“Wrong leader, wrong message, wrong campaign.”
That was the message from longtime Canberra Liberal insiders after Alistair Coe’s “it’s time” election campaign delivered not victory, but a significant defeat. The Liberals currently have just eight seats and have experienced a 3.6 per cent swing against them across the Territory and a much larger swing in their traditional southern heartland in Tuggeranong.
The party had attempted to re-brand themselves as socially conscious and moderate, making a prominent play of their million trees policy and plans for social housing.
But well-placed sources suggest that internal tensions between conservatives and moderates within the party are still wreaking havoc with their chances of victory.
There are reports that funds were re-allocated to more conservative candidates in the final days of this campaign, while others were allegedly caught red-handed destroying election signage belonging to their factional opponents.
Both are indicators that the Liberals continue to be more focussed on the party room contest than the election itself and that Senator Zed Seselja still has a powerful influence on local politics. Alistair Coe is a conservative power broker who has managed the Party room numbers deftly in the past.
Political scientist and Emeritus Professor John Warhurst says the Liberal defeat need not have happened.
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“Better services and lower taxes was a fairly ideologically free zone,” he says. “It doesn’t go to the battles between conservatives and progressives inside the party and they would have been united on those issues throughout the campaign.
“But once you have a brand, that takes a long time to disappear. If your only senator and major national figure is associated with the more conservative side of the Party, then the image of being the most conservative Liberal branch in the country will hurt you.”
Warhurst says that although the Liberals had an ethnically diverse group of candidates, very few of those people have been elected, leaving a very small pool to move forward. The Liberals’ best possible outcome of 10 Assembly seats is the bare minimum for an opposition party in the Hare Clark system. Eight or nine seats would be, Warhurst says, “a disaster of enormous proportions”.
The campaign was helmed by Josh Manuatu, from the federal Liberal right and most recently associated with the Angus Taylor imbroglio over Sydney City Council’s alleged travel costs.
The intention was to create a disciplined campaign where Coe and his candidates would present a coherent and unified message around the cost of living. But there were never substantive answers to the key questions about where the money would come from to fund their promises.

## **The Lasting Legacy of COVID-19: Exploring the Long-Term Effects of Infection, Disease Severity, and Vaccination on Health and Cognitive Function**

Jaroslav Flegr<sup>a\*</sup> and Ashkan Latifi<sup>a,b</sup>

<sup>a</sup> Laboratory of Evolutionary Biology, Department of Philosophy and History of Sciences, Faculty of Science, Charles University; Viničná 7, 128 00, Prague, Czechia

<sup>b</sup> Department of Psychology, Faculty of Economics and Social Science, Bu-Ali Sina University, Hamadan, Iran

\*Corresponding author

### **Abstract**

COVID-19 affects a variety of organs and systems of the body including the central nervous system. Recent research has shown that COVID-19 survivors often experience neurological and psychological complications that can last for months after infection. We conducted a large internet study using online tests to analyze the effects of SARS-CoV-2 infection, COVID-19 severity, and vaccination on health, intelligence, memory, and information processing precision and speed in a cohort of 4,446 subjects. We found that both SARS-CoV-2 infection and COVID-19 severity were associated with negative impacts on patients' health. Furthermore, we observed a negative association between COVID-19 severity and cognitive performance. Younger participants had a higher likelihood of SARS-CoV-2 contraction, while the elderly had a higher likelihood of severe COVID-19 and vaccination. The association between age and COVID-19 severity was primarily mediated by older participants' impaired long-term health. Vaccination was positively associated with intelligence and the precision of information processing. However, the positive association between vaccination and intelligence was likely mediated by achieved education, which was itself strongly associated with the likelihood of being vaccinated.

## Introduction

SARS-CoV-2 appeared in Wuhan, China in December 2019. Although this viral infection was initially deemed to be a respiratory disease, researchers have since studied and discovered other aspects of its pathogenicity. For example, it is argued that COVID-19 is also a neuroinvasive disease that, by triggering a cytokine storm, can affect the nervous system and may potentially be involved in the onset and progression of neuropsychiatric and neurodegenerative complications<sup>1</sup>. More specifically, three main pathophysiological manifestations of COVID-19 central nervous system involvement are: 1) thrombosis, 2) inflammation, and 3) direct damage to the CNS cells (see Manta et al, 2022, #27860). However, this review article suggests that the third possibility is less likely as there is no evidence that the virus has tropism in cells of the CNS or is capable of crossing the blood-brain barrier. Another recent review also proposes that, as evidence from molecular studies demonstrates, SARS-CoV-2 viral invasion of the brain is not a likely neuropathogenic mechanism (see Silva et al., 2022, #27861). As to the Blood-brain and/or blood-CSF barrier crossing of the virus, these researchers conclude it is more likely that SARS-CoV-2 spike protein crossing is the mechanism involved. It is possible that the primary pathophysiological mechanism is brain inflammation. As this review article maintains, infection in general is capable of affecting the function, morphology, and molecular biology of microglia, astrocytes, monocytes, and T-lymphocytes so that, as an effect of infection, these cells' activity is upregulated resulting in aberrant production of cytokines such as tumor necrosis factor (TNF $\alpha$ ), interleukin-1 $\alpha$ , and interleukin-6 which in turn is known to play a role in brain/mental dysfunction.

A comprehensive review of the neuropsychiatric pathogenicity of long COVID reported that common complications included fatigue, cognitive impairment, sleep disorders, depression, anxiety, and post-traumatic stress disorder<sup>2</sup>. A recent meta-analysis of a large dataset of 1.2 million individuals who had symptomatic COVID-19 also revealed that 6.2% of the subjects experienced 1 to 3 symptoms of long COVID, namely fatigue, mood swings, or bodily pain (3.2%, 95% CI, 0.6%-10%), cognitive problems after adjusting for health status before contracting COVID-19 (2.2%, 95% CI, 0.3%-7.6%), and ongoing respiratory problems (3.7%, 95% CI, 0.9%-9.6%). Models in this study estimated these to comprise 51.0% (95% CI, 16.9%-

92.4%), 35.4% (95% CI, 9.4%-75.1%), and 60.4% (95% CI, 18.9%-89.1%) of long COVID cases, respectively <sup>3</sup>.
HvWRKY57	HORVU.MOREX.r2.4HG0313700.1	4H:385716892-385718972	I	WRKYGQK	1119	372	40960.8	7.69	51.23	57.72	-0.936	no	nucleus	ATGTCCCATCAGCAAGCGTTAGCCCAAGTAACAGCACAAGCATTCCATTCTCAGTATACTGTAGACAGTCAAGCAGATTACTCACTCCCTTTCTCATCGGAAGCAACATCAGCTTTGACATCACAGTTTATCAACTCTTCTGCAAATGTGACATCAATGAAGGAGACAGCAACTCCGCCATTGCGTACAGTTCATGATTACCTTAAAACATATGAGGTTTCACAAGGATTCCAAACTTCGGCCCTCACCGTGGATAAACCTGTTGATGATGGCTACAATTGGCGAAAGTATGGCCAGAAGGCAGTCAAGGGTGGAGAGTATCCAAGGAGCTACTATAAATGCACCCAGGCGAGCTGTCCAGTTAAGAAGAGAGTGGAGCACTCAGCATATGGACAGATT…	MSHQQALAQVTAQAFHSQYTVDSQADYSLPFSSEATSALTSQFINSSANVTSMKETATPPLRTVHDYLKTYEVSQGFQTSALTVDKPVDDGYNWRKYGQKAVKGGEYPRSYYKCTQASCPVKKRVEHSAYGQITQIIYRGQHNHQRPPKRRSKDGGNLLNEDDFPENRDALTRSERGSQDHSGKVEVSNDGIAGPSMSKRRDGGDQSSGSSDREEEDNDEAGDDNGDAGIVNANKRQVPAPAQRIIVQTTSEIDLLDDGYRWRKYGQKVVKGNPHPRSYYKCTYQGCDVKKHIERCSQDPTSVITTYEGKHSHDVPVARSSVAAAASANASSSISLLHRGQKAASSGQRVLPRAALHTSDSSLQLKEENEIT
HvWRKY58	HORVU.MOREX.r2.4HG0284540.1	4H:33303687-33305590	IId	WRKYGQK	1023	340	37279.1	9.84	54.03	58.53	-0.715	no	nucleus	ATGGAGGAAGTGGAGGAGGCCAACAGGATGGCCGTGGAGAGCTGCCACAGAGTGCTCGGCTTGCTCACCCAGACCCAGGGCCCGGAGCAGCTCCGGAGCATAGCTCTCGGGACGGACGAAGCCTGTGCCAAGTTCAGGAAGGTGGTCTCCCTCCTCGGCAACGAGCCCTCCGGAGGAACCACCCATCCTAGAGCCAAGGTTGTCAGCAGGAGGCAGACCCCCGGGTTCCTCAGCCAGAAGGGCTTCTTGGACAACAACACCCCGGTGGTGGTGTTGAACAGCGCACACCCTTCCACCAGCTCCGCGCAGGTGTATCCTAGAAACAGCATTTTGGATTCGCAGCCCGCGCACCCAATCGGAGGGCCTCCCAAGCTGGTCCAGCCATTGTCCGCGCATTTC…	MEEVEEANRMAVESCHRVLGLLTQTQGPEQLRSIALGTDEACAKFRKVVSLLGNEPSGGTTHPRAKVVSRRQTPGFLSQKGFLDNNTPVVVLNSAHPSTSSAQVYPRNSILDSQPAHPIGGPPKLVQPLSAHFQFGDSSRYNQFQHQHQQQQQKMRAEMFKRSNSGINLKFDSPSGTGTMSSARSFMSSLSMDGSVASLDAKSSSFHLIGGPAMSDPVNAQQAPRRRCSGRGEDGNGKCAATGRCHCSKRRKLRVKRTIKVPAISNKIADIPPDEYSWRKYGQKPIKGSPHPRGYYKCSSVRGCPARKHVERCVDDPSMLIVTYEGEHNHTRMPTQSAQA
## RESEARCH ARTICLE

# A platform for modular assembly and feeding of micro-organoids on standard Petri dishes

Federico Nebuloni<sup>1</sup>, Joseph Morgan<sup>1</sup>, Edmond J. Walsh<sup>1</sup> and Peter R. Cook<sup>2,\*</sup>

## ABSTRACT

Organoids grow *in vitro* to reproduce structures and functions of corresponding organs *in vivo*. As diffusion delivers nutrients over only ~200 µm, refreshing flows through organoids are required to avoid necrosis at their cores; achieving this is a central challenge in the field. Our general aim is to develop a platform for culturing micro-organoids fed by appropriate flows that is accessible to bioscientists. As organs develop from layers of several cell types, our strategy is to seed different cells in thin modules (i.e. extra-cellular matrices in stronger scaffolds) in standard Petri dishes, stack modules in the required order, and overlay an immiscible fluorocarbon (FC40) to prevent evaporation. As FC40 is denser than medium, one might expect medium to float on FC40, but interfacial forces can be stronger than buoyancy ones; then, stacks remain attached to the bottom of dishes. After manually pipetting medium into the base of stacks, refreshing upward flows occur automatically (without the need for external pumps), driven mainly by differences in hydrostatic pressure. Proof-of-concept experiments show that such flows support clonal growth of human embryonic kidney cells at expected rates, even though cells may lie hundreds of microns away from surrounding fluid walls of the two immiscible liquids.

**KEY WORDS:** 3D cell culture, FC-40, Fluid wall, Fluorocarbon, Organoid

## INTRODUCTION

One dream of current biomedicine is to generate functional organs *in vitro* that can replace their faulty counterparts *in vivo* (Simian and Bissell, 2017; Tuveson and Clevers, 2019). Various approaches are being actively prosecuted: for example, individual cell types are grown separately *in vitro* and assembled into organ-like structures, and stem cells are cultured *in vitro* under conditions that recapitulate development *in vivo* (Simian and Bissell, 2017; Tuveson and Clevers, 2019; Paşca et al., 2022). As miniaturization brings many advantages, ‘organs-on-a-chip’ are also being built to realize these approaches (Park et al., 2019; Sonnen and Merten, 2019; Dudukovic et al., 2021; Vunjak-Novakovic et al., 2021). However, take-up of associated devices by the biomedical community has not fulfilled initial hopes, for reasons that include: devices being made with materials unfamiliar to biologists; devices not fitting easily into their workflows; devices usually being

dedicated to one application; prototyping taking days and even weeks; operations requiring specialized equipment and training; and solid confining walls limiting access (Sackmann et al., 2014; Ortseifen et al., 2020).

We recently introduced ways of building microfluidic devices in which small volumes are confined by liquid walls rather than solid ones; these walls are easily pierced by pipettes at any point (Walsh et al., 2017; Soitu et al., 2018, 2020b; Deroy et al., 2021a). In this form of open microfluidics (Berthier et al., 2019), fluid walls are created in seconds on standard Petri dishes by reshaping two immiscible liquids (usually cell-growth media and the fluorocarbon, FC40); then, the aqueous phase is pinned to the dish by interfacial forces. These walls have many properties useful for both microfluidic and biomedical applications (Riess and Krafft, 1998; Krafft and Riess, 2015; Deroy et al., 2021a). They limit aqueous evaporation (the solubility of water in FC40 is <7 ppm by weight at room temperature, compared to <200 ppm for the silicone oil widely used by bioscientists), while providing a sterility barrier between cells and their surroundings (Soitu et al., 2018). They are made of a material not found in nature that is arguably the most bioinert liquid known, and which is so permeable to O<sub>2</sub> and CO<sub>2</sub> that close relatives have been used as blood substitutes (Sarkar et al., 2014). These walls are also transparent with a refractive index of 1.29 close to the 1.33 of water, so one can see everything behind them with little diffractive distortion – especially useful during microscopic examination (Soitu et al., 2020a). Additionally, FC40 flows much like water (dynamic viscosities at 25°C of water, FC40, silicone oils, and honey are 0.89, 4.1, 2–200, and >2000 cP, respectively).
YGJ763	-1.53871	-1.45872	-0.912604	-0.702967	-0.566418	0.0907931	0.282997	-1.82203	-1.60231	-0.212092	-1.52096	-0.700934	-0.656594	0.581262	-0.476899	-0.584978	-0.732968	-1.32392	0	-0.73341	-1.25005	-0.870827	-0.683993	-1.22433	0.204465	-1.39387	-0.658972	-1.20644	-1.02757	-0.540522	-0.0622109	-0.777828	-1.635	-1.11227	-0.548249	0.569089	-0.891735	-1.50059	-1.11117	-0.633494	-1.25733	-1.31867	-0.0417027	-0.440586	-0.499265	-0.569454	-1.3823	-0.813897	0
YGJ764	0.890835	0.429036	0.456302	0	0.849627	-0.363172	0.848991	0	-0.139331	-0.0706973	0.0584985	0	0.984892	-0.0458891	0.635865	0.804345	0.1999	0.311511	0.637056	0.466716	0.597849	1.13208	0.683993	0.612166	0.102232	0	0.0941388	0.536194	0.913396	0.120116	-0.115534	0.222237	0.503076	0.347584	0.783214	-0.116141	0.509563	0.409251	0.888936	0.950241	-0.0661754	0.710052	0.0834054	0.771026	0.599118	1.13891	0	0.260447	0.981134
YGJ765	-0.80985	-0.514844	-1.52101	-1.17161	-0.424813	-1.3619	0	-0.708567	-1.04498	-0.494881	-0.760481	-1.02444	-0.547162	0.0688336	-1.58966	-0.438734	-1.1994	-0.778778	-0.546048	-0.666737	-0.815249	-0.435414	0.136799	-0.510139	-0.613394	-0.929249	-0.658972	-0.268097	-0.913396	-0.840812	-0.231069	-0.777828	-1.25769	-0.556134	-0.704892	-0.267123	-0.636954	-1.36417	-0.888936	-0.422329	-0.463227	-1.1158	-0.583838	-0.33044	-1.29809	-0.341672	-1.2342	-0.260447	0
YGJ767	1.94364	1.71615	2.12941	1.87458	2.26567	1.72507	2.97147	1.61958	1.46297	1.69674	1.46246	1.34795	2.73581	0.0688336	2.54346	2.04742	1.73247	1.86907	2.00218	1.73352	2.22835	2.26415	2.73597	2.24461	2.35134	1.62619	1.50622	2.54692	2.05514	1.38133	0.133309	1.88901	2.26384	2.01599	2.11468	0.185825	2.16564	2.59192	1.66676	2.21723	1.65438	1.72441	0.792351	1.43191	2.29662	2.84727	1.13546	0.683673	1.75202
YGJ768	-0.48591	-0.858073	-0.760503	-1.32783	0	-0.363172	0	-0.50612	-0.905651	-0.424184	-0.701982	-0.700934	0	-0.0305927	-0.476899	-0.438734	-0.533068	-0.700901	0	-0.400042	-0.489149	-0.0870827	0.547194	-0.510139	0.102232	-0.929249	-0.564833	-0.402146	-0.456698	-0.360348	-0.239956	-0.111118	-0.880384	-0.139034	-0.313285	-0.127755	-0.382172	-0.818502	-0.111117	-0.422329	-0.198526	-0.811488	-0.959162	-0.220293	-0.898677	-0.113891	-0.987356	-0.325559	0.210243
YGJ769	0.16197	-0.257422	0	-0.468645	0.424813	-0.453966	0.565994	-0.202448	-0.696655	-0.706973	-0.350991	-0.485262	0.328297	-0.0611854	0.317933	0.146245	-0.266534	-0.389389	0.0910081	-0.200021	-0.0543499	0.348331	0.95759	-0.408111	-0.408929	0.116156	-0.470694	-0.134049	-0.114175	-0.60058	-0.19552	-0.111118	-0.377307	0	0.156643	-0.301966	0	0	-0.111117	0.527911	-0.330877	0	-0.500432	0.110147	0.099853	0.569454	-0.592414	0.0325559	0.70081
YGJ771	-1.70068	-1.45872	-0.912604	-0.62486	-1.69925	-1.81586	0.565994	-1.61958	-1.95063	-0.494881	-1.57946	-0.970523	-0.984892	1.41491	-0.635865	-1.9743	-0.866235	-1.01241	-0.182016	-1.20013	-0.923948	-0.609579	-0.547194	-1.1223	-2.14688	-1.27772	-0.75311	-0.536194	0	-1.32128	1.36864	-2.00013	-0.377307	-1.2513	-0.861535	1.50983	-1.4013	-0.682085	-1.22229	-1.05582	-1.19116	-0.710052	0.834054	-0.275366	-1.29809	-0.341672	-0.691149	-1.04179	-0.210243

John Warhurst says nobody was convinced by the argument that growing the population pie would work, especially within a Liberal government’s first term
“The attempt to be disciplined and play to Coe’s strengths didn’t allow the discussion to be as adult and broad as it needed to be,” he says.
“Alistair Coe’s limitations were revealed. The style of campaign wasn’t well fitted to an inexperienced leader who comes across as a serious young man. He’s not a Boris Johnson, not even a Kate Carnell who used to jump out of planes and was an ‘out there’ personality.
“In order to unseat a very established government in a progressive city, the Liberals have to do everything right, and the timing has to be right too. Possibly timing worked against them because of the pandemic, but the particular combination of leader and campaign was not enough to overturn a government that despite its flaws, appears seasoned and experienced by contrast.”
Most observers expect that a Liberal leadership challenge is a matter of time, but the mechanics may not be as straightforward as they appear to outsiders.
Elizabeth Lee’s significant electoral appeal as an intelligent, capable woman with a strong migrant family story is a point of difference to the male Labor and Green leaders. Mark Parton’s relaxed and community-oriented approach has also served him well in Brindabella and Jeremy Hanson as deputy to either would provide valuable experience.
But stories about last-minute funding shifts to prop up more conservative candidates suggest that although the electorate might not want Alistair Coe as leader, he’s still working the factional numbers hard inside the Party room.
“It will be very tough to change the leadership,” John Warhurst says.
“Leaders are chewed up by the Canberra Liberals and they have nowhere to go when Zed Seselja has a lock on the Senate. And coming from so far back, re-shaping the Liberal Party now starts to look like an eight-year task, not four.”